In your opinion, does any facet of doing economics presume self-interest or greed. I know I’ve read Mises state in several different places that economics is not concerned whatsoever with the desired ends of individuals…so long as they are acting, they must rank/value ends and economize on scarce resources to accomplish them. Does this mean that if every individual were entirely altruistic, this would not change the scope, assumptions, etc. of economics one iota. It seems to make sense to me, but just wanted to hear what you have to say on this matter. Thank you very much.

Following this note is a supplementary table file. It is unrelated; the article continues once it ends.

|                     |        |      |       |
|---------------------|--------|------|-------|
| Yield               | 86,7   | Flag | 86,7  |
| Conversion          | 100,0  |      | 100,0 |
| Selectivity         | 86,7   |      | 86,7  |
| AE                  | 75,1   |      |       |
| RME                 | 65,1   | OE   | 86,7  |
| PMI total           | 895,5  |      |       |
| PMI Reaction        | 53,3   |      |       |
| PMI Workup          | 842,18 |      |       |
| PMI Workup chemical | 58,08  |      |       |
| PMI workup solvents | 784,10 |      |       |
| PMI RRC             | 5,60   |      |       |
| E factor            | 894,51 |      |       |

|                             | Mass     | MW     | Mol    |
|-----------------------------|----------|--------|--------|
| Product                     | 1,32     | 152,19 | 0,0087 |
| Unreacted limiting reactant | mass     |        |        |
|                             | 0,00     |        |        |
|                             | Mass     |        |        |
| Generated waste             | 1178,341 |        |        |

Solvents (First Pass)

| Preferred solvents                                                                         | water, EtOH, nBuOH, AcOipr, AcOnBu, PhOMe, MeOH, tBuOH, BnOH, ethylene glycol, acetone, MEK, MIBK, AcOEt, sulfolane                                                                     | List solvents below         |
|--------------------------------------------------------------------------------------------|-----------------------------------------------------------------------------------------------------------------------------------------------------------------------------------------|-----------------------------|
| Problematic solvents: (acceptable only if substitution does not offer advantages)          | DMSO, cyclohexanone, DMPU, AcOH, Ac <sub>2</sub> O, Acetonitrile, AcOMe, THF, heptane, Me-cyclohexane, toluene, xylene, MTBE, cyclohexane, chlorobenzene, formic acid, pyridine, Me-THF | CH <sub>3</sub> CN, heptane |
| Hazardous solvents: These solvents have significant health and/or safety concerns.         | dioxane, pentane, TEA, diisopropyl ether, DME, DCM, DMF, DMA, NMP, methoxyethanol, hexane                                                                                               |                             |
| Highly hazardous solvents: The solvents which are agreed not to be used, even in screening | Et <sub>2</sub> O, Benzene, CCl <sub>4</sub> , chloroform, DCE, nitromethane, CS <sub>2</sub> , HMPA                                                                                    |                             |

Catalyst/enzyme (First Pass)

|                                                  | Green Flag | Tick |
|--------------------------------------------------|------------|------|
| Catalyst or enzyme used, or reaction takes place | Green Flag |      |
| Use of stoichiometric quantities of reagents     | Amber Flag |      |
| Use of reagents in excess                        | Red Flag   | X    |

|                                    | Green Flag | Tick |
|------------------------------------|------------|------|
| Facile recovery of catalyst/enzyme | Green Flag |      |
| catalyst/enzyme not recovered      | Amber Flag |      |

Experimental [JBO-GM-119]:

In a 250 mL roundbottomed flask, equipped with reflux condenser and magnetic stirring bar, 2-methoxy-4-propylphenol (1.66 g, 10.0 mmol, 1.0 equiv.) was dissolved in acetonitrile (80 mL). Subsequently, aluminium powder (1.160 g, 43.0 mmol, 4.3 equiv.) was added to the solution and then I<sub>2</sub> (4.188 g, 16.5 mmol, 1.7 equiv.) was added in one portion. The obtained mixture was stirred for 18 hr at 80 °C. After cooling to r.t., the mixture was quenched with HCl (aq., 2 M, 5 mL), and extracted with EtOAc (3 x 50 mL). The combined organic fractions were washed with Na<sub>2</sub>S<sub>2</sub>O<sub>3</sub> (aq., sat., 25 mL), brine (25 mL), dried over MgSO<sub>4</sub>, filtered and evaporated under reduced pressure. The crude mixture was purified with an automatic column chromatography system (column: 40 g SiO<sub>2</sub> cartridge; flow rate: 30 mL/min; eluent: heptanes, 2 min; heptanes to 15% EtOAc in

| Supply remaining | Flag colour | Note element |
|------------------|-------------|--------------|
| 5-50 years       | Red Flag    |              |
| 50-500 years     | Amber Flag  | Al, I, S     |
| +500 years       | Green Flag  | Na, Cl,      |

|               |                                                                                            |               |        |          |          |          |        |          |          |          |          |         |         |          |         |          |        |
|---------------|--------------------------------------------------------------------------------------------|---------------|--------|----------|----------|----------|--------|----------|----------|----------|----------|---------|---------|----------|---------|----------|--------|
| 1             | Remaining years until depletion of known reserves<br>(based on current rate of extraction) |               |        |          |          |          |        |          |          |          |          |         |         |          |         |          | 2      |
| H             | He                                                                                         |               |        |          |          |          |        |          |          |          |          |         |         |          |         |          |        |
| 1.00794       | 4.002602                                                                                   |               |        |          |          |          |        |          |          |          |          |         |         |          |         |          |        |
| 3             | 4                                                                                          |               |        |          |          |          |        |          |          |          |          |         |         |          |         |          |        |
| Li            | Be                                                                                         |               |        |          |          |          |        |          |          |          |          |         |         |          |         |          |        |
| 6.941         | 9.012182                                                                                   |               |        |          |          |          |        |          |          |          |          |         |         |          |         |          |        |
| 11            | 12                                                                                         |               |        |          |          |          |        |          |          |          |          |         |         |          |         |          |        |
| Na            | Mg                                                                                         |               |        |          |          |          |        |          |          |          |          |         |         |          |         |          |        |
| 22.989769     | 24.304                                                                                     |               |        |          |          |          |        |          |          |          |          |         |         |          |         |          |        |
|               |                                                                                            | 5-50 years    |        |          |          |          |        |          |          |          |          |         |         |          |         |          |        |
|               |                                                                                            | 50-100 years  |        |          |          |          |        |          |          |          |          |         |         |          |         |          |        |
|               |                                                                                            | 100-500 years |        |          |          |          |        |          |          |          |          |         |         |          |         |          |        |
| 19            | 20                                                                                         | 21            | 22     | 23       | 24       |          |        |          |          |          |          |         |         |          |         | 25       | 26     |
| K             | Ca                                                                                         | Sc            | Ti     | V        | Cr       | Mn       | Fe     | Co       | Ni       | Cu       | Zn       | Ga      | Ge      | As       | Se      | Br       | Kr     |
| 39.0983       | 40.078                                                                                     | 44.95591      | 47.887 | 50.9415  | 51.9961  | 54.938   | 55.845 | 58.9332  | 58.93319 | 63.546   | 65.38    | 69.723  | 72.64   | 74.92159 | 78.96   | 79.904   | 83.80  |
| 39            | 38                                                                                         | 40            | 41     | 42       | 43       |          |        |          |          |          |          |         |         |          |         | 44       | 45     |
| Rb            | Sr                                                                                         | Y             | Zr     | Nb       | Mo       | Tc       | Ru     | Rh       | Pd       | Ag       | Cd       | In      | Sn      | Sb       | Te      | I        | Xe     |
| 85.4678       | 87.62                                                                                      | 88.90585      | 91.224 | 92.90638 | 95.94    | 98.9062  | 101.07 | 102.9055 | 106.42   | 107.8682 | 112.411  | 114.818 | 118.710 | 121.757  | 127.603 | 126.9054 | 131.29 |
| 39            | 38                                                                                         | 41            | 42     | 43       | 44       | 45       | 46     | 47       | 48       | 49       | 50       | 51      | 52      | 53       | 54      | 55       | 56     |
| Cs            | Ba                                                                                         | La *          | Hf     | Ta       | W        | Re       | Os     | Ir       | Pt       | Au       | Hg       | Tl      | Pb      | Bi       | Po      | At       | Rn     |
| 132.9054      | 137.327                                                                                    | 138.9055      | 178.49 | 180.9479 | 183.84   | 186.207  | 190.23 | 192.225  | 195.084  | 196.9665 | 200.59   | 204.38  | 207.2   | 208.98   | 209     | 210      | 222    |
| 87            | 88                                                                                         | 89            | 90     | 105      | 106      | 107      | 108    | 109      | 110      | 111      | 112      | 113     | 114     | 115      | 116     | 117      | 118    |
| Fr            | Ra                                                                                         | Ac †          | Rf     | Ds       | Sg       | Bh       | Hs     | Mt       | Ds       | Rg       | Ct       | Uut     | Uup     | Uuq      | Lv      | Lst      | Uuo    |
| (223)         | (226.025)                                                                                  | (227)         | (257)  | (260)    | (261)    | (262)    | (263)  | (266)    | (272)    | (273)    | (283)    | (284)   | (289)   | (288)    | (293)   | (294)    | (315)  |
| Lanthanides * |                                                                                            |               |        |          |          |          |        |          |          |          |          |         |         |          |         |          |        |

Yes, motives do not matter at all for the working of human action in general and the market economy in particular. Of course, if people have more altruistic motives, then their particular actions will differ from those they take if they have more selfish motives. Consequently, we would see more and larger charitable organizations in the economy of the former case and more and larger pleasure palaces in the economy of the latter case. Historically, we see this in the difference between the economy of the early republic period in America, described by Alexis de Tocqueville, and today’s economy.
What matters for the working of the market economy is monetary incentives. We must be free to offer monetary incentives to each other for an advanced market economy to develop. Money is a requisite of economic calculation and economic calculation is necessary for entrepreneurs to build an advanced capital structure.